On the blog, we have tracked the jurisdictional journey of securities litigation brought against Porsche in relation to its failed attempt to take over Volkswagen (see here and here, for example). Now, Volkswagen itself is at the centre of the most recent wave of big-time securities litigation. Investors are suing VW for failure to inform markets on time about the diesel emissions scandal, also known as Dieselgate. Jurisdictionally, things are pretty straightforward this time. The competent court, the Braunschweig District Court (Landgericht) issued a press release earlier this week on the current scope of the litigation.
Claims Filed Sofar
On September 19, 2016 alone, approximately 750 damages claims were filed against Volkswagen AG. Two actions in the combined value of about EUR 2 billion were brought by institutional investors. the other actions stem primarily from private and retail investors.
This is in addition to claims that bundle claims brought by institutional claimants, such as an action by 60 investors in the amount of EUR 30 million, an action by 160 investors for a total of EUR 1.5 billion and one on behalf of 565 investors for EUR 550 million. The court’s press release names three plaintiffs, namely three pension funds of German Federal states. The Bavarian state pension funds seeks damages in the mount of EUR 700,000, Baden-Württemberg is claiming EUR 1.1 Million and Hessen sues VW for EUR 4 million. All in all, some 1,400 actions have been brought against Volkswagen AG in the Braunschweig District Court (Landgericht), with a total value of EUR 8.2 billion. To put this into perspective: 1,400 cases are the equivalent of 50% of the Braunschweig court’s normal annual case load in civil matters.
There was a rush to have claims filed, as a matter of precaution, prior to September 19, 2016, namely one year after the news broke on the Diesel scandal. Here’s the background: claims based on failure to disclose revelant information pursuant to Sec. 37 b, c Securities Trading Act (Wertpapierhandelsgesetz, WpHG) were originally subject to a one year limitation period. The limitation period starts from the date that the investor had knowledge of the underlying facts giving rise to the claim (Kenntnis von den anspruchsbegründenden Umständen).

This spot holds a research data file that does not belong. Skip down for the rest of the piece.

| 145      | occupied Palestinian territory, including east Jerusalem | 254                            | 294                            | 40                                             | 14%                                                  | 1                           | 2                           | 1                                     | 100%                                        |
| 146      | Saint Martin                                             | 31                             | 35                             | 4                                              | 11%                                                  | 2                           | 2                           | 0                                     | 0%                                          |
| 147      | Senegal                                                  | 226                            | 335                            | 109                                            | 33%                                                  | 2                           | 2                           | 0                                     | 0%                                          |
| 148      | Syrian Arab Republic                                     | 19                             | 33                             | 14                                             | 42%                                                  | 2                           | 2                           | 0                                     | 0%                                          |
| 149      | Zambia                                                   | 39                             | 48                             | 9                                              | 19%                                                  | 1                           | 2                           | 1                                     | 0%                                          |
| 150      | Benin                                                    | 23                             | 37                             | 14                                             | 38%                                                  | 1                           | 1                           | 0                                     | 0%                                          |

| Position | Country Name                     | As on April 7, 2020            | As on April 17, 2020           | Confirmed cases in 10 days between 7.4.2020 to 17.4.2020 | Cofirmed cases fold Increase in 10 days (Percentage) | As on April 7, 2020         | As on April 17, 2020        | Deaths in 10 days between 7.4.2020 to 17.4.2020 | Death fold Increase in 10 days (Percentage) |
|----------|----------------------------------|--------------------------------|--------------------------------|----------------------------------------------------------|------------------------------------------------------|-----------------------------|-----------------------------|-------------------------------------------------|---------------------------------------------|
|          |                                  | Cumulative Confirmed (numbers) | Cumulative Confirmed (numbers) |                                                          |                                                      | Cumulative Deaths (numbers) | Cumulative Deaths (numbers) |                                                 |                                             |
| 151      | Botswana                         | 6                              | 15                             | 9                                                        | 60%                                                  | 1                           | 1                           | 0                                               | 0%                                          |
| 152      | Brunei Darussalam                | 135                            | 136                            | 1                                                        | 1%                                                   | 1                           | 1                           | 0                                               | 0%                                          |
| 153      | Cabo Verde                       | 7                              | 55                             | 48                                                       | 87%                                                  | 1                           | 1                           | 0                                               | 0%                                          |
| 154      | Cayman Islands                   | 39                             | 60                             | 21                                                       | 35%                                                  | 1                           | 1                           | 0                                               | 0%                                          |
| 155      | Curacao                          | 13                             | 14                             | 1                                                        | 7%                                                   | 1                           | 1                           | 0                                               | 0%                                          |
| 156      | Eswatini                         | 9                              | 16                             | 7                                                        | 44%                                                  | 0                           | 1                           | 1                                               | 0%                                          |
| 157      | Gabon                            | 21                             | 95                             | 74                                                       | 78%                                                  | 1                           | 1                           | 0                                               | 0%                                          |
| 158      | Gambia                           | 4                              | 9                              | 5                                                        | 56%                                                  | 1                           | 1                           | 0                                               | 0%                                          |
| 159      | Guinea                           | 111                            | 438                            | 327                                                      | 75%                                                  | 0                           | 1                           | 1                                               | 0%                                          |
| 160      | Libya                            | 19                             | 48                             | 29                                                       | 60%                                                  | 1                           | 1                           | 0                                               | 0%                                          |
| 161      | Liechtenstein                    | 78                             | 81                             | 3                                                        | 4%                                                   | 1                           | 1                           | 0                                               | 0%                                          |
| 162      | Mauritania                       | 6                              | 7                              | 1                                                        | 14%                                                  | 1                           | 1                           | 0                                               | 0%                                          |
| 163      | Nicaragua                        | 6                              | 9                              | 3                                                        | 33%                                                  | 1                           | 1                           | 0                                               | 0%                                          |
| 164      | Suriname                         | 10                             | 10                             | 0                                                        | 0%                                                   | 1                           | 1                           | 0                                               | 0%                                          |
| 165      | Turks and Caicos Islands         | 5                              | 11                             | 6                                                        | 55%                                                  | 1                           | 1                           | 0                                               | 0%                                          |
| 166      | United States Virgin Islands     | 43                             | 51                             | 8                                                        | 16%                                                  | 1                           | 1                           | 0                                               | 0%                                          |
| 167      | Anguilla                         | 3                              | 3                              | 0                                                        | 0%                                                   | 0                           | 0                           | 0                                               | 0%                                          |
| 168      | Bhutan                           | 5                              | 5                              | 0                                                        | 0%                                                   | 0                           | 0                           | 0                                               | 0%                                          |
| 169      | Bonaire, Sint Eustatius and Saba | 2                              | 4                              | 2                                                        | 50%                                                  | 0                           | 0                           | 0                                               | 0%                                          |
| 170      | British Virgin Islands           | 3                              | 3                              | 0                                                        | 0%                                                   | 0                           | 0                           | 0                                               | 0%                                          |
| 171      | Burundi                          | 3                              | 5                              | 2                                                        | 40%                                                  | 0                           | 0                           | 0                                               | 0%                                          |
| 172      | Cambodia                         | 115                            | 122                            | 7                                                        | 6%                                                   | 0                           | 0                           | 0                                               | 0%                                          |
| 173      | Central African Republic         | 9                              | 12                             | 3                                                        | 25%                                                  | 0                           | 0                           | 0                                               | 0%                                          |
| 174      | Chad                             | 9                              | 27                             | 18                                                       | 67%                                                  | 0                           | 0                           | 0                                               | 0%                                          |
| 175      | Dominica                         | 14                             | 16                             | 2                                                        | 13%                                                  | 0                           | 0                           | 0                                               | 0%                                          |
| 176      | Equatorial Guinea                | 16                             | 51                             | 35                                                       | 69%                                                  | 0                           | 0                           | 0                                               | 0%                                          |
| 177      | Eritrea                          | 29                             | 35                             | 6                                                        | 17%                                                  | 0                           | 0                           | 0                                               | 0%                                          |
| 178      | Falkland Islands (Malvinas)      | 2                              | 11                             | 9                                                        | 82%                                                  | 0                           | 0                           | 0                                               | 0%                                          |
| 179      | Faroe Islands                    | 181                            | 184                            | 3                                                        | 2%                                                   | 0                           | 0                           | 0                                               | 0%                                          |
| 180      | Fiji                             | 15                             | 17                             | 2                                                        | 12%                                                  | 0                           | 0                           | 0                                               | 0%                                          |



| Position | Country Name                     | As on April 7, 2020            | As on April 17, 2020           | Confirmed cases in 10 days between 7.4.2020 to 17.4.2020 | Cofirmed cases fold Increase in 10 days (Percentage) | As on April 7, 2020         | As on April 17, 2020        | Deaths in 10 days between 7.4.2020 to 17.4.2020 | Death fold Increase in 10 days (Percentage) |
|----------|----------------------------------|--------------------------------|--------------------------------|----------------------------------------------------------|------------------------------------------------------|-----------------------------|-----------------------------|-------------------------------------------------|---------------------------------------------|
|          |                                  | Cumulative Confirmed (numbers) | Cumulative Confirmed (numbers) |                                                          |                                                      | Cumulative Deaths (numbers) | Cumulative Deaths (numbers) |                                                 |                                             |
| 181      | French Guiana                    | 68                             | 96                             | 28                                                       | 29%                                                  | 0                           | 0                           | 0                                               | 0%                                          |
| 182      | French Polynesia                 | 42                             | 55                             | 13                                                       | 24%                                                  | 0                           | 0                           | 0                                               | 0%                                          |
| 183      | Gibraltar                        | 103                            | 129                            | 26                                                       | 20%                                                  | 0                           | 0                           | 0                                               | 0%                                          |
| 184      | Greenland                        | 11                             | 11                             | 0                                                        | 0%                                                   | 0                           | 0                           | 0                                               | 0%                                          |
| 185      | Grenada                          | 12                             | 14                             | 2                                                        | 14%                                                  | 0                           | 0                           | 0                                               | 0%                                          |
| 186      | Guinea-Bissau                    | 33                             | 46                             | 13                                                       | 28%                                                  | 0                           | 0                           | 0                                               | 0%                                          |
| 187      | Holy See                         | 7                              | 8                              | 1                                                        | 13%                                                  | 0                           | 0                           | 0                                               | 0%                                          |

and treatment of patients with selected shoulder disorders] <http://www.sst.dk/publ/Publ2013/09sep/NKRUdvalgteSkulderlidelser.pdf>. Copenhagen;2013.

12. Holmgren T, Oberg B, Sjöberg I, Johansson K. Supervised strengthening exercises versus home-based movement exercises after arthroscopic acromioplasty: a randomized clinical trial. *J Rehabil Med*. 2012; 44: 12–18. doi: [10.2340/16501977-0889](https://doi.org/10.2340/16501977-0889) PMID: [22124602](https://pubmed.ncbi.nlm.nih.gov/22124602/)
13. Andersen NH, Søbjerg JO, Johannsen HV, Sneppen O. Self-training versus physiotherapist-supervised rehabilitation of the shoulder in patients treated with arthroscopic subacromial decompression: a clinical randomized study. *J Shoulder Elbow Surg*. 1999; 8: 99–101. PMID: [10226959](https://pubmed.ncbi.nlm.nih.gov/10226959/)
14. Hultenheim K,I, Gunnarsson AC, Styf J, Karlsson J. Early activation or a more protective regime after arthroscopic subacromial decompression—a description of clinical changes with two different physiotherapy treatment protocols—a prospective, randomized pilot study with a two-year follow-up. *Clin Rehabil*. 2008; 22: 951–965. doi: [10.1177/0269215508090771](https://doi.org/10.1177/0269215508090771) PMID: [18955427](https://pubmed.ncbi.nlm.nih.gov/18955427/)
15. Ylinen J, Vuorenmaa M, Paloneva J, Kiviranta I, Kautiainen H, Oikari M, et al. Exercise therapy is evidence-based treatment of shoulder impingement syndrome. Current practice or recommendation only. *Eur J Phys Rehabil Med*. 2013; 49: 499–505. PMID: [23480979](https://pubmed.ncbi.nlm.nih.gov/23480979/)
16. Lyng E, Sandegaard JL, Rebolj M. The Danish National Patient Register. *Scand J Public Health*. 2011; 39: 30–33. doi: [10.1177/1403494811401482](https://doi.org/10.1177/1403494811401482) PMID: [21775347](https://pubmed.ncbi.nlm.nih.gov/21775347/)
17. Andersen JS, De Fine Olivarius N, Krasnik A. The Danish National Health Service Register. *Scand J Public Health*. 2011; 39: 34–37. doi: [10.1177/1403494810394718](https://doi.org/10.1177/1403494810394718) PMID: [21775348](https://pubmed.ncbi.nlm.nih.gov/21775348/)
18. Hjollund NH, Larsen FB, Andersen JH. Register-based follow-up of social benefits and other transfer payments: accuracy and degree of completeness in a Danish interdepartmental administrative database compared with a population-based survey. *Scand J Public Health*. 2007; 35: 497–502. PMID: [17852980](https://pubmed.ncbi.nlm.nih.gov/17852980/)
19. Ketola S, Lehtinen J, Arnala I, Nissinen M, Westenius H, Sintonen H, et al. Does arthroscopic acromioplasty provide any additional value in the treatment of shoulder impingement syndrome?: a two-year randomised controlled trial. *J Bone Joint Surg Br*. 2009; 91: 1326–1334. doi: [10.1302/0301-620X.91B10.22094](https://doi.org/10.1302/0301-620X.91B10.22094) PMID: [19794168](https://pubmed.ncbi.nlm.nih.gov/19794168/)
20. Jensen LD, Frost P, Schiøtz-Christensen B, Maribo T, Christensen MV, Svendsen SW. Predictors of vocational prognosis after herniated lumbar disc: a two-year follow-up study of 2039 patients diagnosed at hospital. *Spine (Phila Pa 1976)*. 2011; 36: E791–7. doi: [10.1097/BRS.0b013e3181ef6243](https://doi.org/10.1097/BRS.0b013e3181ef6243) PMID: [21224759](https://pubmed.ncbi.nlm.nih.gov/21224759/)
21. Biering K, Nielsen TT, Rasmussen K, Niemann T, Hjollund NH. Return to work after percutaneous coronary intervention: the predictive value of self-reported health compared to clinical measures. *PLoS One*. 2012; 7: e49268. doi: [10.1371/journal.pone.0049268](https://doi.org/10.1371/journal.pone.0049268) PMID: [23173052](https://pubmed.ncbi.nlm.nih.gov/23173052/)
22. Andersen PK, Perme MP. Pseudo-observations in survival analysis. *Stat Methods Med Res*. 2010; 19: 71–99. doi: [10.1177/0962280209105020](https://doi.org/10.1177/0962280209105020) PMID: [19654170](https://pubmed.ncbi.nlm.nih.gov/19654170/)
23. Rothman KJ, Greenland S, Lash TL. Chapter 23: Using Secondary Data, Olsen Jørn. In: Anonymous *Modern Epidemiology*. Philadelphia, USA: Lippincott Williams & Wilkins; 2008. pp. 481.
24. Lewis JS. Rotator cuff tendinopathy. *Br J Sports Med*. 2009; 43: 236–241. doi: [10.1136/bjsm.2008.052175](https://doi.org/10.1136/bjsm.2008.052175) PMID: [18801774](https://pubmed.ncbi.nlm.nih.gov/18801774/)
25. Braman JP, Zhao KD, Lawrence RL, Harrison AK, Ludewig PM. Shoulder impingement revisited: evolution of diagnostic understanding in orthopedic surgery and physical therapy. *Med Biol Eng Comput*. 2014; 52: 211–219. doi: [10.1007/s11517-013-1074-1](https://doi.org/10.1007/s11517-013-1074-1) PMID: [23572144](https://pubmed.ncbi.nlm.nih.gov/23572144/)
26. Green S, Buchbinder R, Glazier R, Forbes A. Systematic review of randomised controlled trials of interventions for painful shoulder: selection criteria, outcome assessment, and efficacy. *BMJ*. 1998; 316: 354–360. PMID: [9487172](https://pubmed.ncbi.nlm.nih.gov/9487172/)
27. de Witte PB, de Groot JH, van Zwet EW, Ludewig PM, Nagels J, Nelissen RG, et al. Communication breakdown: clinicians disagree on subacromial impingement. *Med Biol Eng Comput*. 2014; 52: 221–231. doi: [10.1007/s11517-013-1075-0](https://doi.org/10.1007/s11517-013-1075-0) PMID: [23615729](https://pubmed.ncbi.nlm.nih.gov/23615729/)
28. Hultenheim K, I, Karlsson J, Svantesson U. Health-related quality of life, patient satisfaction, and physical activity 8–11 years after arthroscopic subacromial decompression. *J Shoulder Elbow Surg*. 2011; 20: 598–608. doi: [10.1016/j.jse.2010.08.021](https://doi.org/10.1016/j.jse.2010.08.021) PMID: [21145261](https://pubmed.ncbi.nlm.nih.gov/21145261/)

The law was revised as of July 10, 2015, and since then, the standard three year limitation period of the German Civil Code (BGB) applies to such claims as well. However, there is uncertainty as to the application of the longer limitation period to claims that already existed on July 10, 2015. Should the courts find that the longer period applies also to claims existing at the time, then investors would have until the end of 2018 to file additional actions.
The Braunschweig District Court expects that it will take another four weeks to duly register and process all actions. The civil chamber where these cases are pending will then have to rule on the suspension of the individual actions before it, and the transfer of the matter to the Braunschweig Court of Appeals (Oberlandesgericht) under the Capital Market Investors’ Model Proceeding Act (Kapitalanlegermusterverfahrensgesetz, KapMuG), the closest approximation in German procedural law to a class action. The court expects that the model plaintiff will not be determined before the last quarter 2016 (see the court’s earlier press release dated August 8, 2016. no. 14/16).
Capital Market Investors’ Model Proceeding Act
I have described the basic mechanics of the procedure in more detail in a previous post. To recap very briefly: KapMuG is designed to bundle identical or similar securities law suits in a streamlined process – securities law suits are capital market related actions, in German legal parlance. On the one hand, the model proceeding is designed to make sure that identical issues of law or fact are decided swiftly and coherently by a higher court, but on the other hand, it avoids the creation of a real class action by keeping the cases brought be individual claimants separate. Once the joint issues have been decided upon in a model order (Musterentscheid), the courts first seized decide the individual matters on the basis of model order, which is binding them. The main difference to a US style class action is of course that each plaintiff must file an action, either individually or by assigning his or her claims to an SPV bringing the claims. Investors who remain passive will not benefit from a KapMuG judgment in favour of the “class”.
The Brauschweig court’s order setting out the legal and factual issues on which a model order is being sought can be found here. Item XXVII, for example, refers to the applicable limitation period.